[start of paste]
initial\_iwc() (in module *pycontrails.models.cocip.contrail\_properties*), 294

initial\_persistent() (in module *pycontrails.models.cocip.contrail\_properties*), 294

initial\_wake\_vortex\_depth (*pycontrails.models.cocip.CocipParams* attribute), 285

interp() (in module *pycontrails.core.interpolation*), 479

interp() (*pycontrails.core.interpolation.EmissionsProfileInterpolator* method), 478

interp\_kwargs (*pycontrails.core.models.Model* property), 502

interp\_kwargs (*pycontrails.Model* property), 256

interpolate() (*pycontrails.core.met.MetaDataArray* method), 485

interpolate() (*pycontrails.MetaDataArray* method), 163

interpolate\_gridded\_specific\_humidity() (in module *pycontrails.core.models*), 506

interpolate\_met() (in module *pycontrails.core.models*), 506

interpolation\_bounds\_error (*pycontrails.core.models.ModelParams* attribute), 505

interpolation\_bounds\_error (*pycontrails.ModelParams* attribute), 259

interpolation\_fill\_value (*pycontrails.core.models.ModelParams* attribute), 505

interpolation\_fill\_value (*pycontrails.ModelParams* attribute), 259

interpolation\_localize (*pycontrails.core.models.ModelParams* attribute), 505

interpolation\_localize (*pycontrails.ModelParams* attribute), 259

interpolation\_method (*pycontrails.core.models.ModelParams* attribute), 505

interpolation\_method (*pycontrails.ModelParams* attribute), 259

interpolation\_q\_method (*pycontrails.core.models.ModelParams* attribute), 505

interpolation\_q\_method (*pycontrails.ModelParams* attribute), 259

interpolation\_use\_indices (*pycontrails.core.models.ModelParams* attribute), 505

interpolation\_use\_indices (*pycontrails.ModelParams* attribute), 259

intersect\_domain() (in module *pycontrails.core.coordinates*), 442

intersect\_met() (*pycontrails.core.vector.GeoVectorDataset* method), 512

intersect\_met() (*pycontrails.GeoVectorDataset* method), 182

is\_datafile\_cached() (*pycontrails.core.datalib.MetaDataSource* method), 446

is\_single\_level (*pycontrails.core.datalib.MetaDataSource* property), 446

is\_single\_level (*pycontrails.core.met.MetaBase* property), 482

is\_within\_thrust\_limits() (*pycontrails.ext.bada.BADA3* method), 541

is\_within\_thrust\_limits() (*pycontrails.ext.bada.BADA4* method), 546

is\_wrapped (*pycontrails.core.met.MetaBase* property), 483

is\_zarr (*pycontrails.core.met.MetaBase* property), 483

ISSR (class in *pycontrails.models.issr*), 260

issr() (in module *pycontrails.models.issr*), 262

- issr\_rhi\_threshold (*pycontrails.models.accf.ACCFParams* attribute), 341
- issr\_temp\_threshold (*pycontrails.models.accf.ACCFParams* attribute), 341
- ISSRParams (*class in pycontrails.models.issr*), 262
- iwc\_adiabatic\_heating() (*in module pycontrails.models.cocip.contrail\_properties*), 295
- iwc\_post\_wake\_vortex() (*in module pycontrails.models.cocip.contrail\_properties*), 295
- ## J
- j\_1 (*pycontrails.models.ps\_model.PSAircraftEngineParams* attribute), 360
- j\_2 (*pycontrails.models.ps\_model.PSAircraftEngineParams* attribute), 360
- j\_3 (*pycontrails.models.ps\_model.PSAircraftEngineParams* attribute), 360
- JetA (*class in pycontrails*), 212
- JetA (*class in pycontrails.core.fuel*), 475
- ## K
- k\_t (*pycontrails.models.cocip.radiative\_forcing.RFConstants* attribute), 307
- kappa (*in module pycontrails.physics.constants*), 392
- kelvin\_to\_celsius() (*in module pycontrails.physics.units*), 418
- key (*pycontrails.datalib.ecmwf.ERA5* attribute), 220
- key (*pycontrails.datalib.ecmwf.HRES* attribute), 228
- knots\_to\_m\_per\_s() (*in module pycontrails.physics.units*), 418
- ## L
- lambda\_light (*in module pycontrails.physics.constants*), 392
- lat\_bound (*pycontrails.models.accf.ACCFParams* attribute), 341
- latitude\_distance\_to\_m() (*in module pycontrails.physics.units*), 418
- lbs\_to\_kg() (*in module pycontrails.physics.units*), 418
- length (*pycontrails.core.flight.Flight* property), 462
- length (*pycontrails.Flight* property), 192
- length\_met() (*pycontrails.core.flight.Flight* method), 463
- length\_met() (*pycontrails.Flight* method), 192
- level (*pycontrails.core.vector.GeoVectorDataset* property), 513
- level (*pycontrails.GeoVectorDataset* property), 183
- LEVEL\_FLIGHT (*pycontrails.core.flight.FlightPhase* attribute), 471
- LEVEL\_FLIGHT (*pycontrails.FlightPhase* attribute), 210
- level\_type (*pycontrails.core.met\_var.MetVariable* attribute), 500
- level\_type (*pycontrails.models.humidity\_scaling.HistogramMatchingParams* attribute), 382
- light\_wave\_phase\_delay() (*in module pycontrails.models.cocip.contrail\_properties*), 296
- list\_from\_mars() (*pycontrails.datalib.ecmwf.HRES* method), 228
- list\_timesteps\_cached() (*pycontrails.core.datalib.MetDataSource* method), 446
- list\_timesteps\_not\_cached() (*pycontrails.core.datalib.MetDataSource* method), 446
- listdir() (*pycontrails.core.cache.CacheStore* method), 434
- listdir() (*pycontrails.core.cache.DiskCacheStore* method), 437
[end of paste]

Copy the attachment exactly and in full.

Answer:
initial\_iwc() (in module *pycontrails.models.cocip.contrail\_properties*), 294

initial\_persistent() (in module *pycontrails.models.cocip.contrail\_properties*), 294

initial\_wake\_vortex\_depth (*pycontrails.models.cocip.CocipParams* attribute), 285

interp() (in module *pycontrails.core.interpolation*), 479

interp() (*pycontrails.core.interpolation.EmissionsProfileInterpolator* method), 478

interp\_kwargs (*pycontrails.core.models.Model* property), 502

interp\_kwargs (*pycontrails.Model* property), 256

interpolate() (*pycontrails.core.met.MetaDataArray* method), 485

interpolate() (*pycontrails.MetaDataArray* method), 163

interpolate\_gridded\_specific\_humidity() (in module *pycontrails.core.models*), 506

interpolate\_met() (in module *pycontrails.core.models*), 506

interpolation\_bounds\_error (*pycontrails.core.models.ModelParams* attribute), 505

interpolation\_bounds\_error (*pycontrails.ModelParams* attribute), 259

interpolation\_fill\_value (*pycontrails.core.models.ModelParams* attribute), 505

interpolation\_fill\_value (*pycontrails.ModelParams* attribute), 259

interpolation\_localize (*pycontrails.core.models.ModelParams* attribute), 505

interpolation\_localize (*pycontrails.ModelParams* attribute), 259

interpolation\_method (*pycontrails.core.models.ModelParams* attribute), 505

interpolation\_method (*pycontrails.ModelParams* attribute), 259

interpolation\_q\_method (*pycontrails.core.models.ModelParams* attribute), 505

interpolation\_q\_method (*pycontrails.ModelParams* attribute), 259

interpolation\_use\_indices (*pycontrails.core.models.ModelParams* attribute), 505

interpolation\_use\_indices (*pycontrails.ModelParams* attribute), 259

intersect\_domain() (in module *pycontrails.core.coordinates*), 442

intersect\_met() (*pycontrails.core.vector.GeoVectorDataset* method), 512

intersect\_met() (*pycontrails.GeoVectorDataset* method), 182

is\_datafile\_cached() (*pycontrails.core.datalib.MetaDataSource* method), 446

is\_single\_level (*pycontrails.core.datalib.MetaDataSource* property), 446

is\_single\_level (*pycontrails.core.met.MetaBase* property), 482

is\_within\_thrust\_limits() (*pycontrails.ext.bada.BADA3* method), 541

is\_within\_thrust\_limits() (*pycontrails.ext.bada.BADA4* method), 546

is\_wrapped (*pycontrails.core.met.MetaBase* property), 483

is\_zarr (*pycontrails.core.met.MetaBase* property), 483

ISSR (class in *pycontrails.models.issr*), 260

issr() (in module *pycontrails.models.issr*), 262

- issr\_rhi\_threshold (*pycontrails.models.accf.ACCFParams* attribute), 341
- issr\_temp\_threshold (*pycontrails.models.accf.ACCFParams* attribute), 341
- ISSRParams (*class in pycontrails.models.issr*), 262
- iwc\_adiabatic\_heating() (*in module pycontrails.models.cocip.contrail\_properties*), 295
- iwc\_post\_wake\_vortex() (*in module pycontrails.models.cocip.contrail\_properties*), 295
- ## J
- j\_1 (*pycontrails.models.ps\_model.PSAircraftEngineParams* attribute), 360
- j\_2 (*pycontrails.models.ps\_model.PSAircraftEngineParams* attribute), 360
- j\_3 (*pycontrails.models.ps\_model.PSAircraftEngineParams* attribute), 360
- JetA (*class in pycontrails*), 212
- JetA (*class in pycontrails.core.fuel*), 475
- ## K
- k\_t (*pycontrails.models.cocip.radiative\_forcing.RFConstants* attribute), 307
- kappa (*in module pycontrails.physics.constants*), 392
- kelvin\_to\_celsius() (*in module pycontrails.physics.units*), 418
- key (*pycontrails.datalib.ecmwf.ERA5* attribute), 220
- key (*pycontrails.datalib.ecmwf.HRES* attribute), 228
- knots\_to\_m\_per\_s() (*in module pycontrails.physics.units*), 418
- ## L
- lambda\_light (*in module pycontrails.physics.constants*), 392
- lat\_bound (*pycontrails.models.accf.ACCFParams* attribute), 341
- latitude\_distance\_to\_m() (*in module pycontrails.physics.units*), 418
- lbs\_to\_kg() (*in module pycontrails.physics.units*), 418
- length (*pycontrails.core.flight.Flight* property), 462
- length (*pycontrails.Flight* property), 192
- length\_met() (*pycontrails.core.flight.Flight* method), 463
- length\_met() (*pycontrails.Flight* method), 192
- level (*pycontrails.core.vector.GeoVectorDataset* property), 513
- level (*pycontrails.GeoVectorDataset* property), 183
- LEVEL\_FLIGHT (*pycontrails.core.flight.FlightPhase* attribute), 471
- LEVEL\_FLIGHT (*pycontrails.FlightPhase* attribute), 210
- level\_type (*pycontrails.core.met\_var.MetVariable* attribute), 500
- level\_type (*pycontrails.models.humidity\_scaling.HistogramMatchingParams* attribute), 382
- light\_wave\_phase\_delay() (*in module pycontrails.models.cocip.contrail\_properties*), 296
- list\_from\_mars() (*pycontrails.datalib.ecmwf.HRES* method), 228
- list\_timesteps\_cached() (*pycontrails.core.datalib.MetDataSource* method), 446
- list\_timesteps\_not\_cached() (*pycontrails.core.datalib.MetDataSource* method), 446
- listdir() (*pycontrails.core.cache.CacheStore* method), 434
- listdir() (*pycontrails.core.cache.DiskCacheStore* method), 437